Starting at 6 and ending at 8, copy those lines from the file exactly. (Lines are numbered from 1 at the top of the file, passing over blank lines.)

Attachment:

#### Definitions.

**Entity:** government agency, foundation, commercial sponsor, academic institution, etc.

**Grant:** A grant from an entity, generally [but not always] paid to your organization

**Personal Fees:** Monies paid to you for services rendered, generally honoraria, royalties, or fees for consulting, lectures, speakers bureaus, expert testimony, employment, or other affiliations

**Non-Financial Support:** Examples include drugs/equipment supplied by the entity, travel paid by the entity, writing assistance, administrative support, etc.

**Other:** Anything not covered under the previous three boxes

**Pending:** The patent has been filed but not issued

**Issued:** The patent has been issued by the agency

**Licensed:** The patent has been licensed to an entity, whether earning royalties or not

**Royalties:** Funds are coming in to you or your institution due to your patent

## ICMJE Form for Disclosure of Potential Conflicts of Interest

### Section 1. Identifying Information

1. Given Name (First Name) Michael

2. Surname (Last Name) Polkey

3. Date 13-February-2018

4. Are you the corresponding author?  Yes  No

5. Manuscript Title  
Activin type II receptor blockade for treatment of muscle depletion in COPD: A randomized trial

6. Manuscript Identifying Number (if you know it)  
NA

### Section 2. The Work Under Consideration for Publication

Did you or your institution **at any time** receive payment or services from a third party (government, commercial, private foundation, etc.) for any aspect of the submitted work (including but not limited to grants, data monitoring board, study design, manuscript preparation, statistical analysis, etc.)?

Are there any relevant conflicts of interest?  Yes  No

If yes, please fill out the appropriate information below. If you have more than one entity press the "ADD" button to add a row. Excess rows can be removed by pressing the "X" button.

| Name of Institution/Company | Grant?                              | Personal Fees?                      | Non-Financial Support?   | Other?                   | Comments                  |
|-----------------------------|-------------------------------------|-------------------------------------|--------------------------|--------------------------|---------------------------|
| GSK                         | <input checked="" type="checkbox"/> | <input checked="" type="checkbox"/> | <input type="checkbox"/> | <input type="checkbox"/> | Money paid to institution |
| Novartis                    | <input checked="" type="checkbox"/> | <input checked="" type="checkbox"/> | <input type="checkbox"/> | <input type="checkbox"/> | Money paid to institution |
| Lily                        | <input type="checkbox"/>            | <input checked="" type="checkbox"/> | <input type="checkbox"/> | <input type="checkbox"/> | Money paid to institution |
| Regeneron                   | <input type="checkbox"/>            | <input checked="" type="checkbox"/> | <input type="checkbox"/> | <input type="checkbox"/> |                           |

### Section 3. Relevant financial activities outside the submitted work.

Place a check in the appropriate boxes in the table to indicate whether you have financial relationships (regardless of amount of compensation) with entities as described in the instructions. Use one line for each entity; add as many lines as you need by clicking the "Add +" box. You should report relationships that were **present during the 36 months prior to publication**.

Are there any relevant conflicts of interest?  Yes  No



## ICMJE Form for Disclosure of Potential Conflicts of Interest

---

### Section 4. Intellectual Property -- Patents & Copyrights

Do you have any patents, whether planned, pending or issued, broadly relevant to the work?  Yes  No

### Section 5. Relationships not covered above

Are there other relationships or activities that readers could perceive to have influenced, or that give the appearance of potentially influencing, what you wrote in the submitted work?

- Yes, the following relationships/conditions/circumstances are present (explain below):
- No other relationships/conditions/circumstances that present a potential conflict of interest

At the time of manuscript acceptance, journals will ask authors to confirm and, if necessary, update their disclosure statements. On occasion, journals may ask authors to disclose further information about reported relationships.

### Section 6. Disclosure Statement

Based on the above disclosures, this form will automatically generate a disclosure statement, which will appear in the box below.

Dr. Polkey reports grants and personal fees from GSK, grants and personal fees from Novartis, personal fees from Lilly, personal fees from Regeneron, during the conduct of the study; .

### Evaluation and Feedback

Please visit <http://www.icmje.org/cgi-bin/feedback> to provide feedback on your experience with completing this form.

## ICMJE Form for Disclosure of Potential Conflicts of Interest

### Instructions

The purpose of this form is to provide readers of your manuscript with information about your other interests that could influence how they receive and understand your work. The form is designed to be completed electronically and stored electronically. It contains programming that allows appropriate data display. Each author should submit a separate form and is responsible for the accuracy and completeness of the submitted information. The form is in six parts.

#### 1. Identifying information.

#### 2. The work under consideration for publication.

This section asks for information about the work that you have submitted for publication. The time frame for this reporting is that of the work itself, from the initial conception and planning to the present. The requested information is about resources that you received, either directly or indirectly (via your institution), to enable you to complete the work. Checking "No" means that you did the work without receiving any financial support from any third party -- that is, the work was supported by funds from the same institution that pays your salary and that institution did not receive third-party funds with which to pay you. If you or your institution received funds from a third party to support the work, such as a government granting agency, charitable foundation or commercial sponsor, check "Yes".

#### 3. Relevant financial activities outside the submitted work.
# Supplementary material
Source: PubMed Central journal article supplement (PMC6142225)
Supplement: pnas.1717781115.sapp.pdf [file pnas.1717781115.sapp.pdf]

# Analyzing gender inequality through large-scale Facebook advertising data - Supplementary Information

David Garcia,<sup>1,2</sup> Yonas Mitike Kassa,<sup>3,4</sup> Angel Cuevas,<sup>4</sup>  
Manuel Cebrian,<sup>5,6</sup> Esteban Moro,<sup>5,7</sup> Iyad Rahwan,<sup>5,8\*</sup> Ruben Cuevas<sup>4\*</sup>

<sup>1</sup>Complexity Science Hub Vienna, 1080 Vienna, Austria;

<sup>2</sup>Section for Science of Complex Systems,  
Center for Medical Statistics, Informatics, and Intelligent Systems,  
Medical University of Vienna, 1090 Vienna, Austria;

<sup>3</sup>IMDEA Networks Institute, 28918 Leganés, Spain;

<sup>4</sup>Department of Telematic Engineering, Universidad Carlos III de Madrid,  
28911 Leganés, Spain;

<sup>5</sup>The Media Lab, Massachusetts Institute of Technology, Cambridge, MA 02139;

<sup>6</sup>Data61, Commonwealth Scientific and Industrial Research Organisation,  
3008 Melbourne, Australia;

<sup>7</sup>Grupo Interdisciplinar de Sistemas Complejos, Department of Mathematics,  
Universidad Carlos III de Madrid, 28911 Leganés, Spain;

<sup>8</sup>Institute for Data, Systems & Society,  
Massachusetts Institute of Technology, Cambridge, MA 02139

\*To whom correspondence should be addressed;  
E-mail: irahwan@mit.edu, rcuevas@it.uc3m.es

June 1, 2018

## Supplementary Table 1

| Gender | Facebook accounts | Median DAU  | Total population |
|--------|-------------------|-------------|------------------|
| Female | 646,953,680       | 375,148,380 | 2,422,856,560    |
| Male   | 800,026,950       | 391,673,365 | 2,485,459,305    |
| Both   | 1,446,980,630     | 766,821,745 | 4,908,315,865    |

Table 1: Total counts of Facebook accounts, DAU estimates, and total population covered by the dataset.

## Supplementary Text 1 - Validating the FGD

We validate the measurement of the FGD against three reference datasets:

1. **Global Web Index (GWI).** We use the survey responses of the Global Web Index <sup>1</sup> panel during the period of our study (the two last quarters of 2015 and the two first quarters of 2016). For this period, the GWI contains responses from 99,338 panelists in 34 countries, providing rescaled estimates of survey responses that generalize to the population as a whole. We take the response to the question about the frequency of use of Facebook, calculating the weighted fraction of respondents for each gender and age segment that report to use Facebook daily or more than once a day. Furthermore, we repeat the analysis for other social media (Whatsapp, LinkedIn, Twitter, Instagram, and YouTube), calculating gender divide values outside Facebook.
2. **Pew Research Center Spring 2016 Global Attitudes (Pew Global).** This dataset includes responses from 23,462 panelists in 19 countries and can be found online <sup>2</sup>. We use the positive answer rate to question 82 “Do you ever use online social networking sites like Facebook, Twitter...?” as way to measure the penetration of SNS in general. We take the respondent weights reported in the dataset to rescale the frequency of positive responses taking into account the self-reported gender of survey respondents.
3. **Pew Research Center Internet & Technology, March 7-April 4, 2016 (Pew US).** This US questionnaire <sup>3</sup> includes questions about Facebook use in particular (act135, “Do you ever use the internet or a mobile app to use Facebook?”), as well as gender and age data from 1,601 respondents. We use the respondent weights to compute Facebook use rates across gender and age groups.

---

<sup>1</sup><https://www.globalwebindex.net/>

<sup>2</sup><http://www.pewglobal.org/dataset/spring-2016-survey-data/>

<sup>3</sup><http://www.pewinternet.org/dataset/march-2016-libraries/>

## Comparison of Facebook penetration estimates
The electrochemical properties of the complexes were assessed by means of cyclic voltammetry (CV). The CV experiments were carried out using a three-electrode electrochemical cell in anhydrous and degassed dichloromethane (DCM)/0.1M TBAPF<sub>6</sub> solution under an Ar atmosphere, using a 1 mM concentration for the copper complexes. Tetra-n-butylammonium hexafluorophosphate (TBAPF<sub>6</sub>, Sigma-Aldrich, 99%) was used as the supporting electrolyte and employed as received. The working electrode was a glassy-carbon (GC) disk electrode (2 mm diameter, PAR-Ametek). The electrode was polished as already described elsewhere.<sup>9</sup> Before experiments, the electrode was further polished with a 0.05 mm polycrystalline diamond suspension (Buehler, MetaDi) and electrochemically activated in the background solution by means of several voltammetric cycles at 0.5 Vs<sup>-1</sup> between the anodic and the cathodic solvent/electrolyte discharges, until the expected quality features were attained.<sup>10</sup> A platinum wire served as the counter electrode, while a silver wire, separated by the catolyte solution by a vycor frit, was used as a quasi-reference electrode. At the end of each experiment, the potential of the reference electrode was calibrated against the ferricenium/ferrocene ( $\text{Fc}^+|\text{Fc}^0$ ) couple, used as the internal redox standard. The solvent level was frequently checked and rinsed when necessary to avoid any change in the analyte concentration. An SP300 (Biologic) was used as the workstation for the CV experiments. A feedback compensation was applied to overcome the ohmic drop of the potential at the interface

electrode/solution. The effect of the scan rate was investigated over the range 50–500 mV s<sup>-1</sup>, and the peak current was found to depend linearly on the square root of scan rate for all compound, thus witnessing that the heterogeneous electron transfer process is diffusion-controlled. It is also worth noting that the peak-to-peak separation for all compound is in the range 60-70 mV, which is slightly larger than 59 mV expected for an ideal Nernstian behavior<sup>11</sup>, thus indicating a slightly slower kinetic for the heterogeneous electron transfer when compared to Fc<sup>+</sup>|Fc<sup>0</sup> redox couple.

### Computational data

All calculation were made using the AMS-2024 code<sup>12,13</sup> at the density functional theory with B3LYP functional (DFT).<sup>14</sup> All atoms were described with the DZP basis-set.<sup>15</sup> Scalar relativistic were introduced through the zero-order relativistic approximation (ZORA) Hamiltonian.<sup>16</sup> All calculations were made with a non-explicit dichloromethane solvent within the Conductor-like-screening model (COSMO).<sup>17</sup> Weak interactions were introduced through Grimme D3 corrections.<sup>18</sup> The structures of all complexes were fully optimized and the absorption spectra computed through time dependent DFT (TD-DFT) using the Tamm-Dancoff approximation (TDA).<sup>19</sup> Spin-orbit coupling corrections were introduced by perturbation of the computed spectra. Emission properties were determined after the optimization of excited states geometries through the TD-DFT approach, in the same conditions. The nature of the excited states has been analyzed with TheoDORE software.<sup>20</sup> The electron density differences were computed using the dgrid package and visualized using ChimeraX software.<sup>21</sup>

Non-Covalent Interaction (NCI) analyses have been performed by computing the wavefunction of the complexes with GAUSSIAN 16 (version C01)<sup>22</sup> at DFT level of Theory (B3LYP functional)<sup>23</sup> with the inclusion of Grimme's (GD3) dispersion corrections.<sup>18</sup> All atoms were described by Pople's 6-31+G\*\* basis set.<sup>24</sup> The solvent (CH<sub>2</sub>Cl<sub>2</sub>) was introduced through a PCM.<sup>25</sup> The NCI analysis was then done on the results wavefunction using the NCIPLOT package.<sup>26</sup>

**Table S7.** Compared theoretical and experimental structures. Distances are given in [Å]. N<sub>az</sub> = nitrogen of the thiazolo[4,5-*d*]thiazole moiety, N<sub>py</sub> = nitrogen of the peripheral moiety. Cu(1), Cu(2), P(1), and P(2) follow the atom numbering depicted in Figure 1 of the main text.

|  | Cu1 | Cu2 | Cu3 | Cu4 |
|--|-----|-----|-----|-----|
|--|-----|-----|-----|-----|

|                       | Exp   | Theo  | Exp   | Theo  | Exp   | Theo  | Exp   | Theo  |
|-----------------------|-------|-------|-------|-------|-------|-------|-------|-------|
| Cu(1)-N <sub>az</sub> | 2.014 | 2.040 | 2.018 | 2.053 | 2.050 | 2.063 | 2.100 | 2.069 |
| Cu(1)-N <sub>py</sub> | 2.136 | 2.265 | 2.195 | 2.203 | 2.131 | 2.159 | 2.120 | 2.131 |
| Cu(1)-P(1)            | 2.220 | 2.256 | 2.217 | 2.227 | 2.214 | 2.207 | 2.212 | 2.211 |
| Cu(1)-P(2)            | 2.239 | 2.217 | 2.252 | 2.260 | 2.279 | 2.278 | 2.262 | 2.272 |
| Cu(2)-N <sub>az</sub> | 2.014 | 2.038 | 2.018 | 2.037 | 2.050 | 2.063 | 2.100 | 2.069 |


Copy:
**Other:** Anything not covered under the previous three boxes

**Pending:** The patent has been filed but not issued

**Issued:** The patent has been issued by the agency